Sixteen-year-old Vassa Lisa Lowenstein isn’t sure where she fits in her family or if it even qualifies as a family. Her mother is dead. Vassa’s father stayed only long enough to settle Vassa with his new wife. So now she has a stepmother and two stepsisters. Chelsea is nice enough but Stephanie might actually hate Vassa–which is fine since it’s mostly mutual. It’s an odd living arrangement to Vassa but no more peculiar than a lot of things in her working-class Brooklyn neighborhood.
The nights have been acting especially strange as they become longer and longer. When her stepsister (Stephanie, naturally) sends Vassa out in the middle of the night for light bulbs the only store that’s still open is the local BY’s. Everyone knows about BY’s, and its owner Babs Yagg, but people do tend to remember a store that dances around on chicken legs and has a habit of decapitating shoplifters.
Vassa is sure getting out of the store quickly will be easy. Even her enchanted wooden doll, Erg, is willing to behave and keep her sticky fingers to herself this once. When things don’t go as planned in BY’s it will take all of Vassa’s wits and Erg’s cunning to escape the store alive and maybe even break whatever curse has been placed on Brooklyn’s nights in Vassa in the Night (2016) by Sarah Porter.
This standalone urban fantasy is inspired by the Russian folktake “Vassilisa the Beautiful.” Although Vassa is described as incredibly pale, the rest of the book is populated with characters who are realistically diverse. Complicated dynamics within Vassa’s blended family add another dimension to the story. Evocative settings and imagery help bring this bizarre corner of Brooklyn to life including strong allusions to the Studio Ghibli film “Howl’s Moving Castle.”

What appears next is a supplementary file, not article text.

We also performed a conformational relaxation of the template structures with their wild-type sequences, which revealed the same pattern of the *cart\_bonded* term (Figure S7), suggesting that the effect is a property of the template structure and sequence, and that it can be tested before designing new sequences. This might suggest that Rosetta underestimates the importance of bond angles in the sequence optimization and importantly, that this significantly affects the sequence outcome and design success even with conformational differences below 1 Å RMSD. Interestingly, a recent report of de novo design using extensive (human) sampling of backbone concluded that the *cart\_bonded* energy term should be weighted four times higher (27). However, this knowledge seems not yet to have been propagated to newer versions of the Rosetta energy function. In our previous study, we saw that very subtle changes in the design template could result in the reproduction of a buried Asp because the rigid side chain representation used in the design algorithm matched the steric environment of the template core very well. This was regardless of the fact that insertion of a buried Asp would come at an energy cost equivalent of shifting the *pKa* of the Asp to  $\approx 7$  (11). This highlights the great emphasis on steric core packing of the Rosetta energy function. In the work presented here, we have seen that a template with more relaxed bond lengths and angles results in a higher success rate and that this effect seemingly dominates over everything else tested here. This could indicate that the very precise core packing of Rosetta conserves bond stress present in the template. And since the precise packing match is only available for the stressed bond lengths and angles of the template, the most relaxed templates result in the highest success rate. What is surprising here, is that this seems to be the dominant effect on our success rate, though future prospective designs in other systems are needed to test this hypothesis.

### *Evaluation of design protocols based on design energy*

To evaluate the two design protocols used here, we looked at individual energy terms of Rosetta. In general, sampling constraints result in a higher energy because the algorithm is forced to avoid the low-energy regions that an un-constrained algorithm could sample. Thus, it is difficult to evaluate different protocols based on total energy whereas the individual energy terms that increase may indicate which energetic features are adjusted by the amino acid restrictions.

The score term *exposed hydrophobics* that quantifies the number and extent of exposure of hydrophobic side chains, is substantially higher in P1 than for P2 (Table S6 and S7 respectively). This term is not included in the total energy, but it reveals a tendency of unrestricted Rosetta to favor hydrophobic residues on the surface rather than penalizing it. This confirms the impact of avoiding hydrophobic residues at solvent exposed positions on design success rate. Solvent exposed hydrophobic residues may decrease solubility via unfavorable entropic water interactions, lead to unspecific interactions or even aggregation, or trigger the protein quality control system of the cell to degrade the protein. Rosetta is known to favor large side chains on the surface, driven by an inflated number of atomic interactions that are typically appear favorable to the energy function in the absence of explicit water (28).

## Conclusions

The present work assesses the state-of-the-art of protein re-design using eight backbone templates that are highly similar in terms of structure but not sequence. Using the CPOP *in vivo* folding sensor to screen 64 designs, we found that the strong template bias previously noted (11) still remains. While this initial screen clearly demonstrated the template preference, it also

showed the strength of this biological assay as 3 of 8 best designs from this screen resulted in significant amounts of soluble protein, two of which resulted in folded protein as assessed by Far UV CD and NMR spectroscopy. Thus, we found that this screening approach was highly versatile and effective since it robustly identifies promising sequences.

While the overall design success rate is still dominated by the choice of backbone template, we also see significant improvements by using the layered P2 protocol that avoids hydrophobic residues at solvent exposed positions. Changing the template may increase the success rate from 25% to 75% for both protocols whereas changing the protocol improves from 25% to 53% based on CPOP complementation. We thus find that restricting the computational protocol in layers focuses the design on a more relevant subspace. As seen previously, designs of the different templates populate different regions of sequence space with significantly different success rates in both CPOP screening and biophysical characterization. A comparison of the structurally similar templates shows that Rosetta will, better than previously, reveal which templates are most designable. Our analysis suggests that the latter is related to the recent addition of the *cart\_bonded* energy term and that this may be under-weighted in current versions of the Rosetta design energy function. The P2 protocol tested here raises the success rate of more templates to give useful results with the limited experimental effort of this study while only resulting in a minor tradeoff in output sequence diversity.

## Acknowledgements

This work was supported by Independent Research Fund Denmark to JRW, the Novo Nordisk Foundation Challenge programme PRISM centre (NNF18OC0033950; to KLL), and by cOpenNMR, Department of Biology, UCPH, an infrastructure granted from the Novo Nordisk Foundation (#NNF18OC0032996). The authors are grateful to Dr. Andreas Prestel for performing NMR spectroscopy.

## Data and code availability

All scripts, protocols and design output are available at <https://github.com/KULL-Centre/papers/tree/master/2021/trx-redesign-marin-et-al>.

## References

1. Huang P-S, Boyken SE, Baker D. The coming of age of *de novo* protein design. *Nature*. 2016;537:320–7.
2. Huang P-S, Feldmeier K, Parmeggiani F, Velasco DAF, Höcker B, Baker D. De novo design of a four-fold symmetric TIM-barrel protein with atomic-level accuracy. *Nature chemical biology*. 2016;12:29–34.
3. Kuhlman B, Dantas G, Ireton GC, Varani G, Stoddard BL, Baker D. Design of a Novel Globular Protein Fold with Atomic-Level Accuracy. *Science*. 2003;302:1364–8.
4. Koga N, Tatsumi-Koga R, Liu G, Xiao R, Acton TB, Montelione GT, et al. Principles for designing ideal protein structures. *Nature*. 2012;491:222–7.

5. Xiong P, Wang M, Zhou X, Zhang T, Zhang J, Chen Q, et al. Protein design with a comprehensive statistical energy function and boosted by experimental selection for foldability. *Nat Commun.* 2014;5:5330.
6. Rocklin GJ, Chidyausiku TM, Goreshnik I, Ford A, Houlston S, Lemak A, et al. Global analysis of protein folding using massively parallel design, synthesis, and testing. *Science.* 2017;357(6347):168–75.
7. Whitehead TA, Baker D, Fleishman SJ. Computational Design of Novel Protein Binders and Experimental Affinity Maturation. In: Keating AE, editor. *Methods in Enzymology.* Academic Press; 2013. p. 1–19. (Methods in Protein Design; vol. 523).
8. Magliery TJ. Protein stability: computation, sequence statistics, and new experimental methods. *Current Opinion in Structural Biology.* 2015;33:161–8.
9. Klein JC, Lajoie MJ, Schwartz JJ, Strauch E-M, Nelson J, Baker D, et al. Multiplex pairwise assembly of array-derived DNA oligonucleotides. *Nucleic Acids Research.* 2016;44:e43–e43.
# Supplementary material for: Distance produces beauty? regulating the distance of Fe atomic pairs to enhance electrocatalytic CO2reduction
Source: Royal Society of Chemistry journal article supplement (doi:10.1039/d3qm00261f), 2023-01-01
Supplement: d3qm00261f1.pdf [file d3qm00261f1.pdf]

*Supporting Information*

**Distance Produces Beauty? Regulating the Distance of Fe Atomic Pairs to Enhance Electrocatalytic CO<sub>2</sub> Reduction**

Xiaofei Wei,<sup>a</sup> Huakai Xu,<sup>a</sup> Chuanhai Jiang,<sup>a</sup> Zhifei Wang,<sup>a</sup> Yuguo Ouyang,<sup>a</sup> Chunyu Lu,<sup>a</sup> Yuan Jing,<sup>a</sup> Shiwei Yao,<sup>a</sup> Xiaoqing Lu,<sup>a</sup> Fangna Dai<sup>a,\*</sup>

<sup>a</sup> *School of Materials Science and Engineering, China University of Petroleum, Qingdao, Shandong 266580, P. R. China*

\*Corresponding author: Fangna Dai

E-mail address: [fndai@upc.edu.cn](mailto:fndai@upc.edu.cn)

Vassa is a cynical, no-nonsense character who is quick to make jokes and take risks with the delightfully sharp-tongued Erg at her side. Vassa’s frank narration is sure to remind fans of Veronica Mars as will her resigned acceptance of her role as hero in this story.
Elements of traditional horror blend well with high-concept fantasy in this surprising and engaging tale. A deliberate lack of romantic tension makes Vassa in the Night a refreshing read focused on themes of self-reliance, friendship, and family.
Possible Pairings: The Darkest Part of the Forest by Holly Black, Plain Kate by Erin Bow, The Diviners by Libba Bray, The Reader by Traci Chee, Labyrinth Lost by Zoraida Córdova, Fire and Hemlock by Diana Wynne Jones, Howl’s Moving Castle by Diana Wynne Jones, Extraordinary by Nancy Werlin, Paper Valentine by Brenna Yovanoff, Dust Girl by Sarah Zettel
*A more condensed version of this review appeared in the August 2016 issue of School Library Journal as a starred review from which it can be seen on various sites online*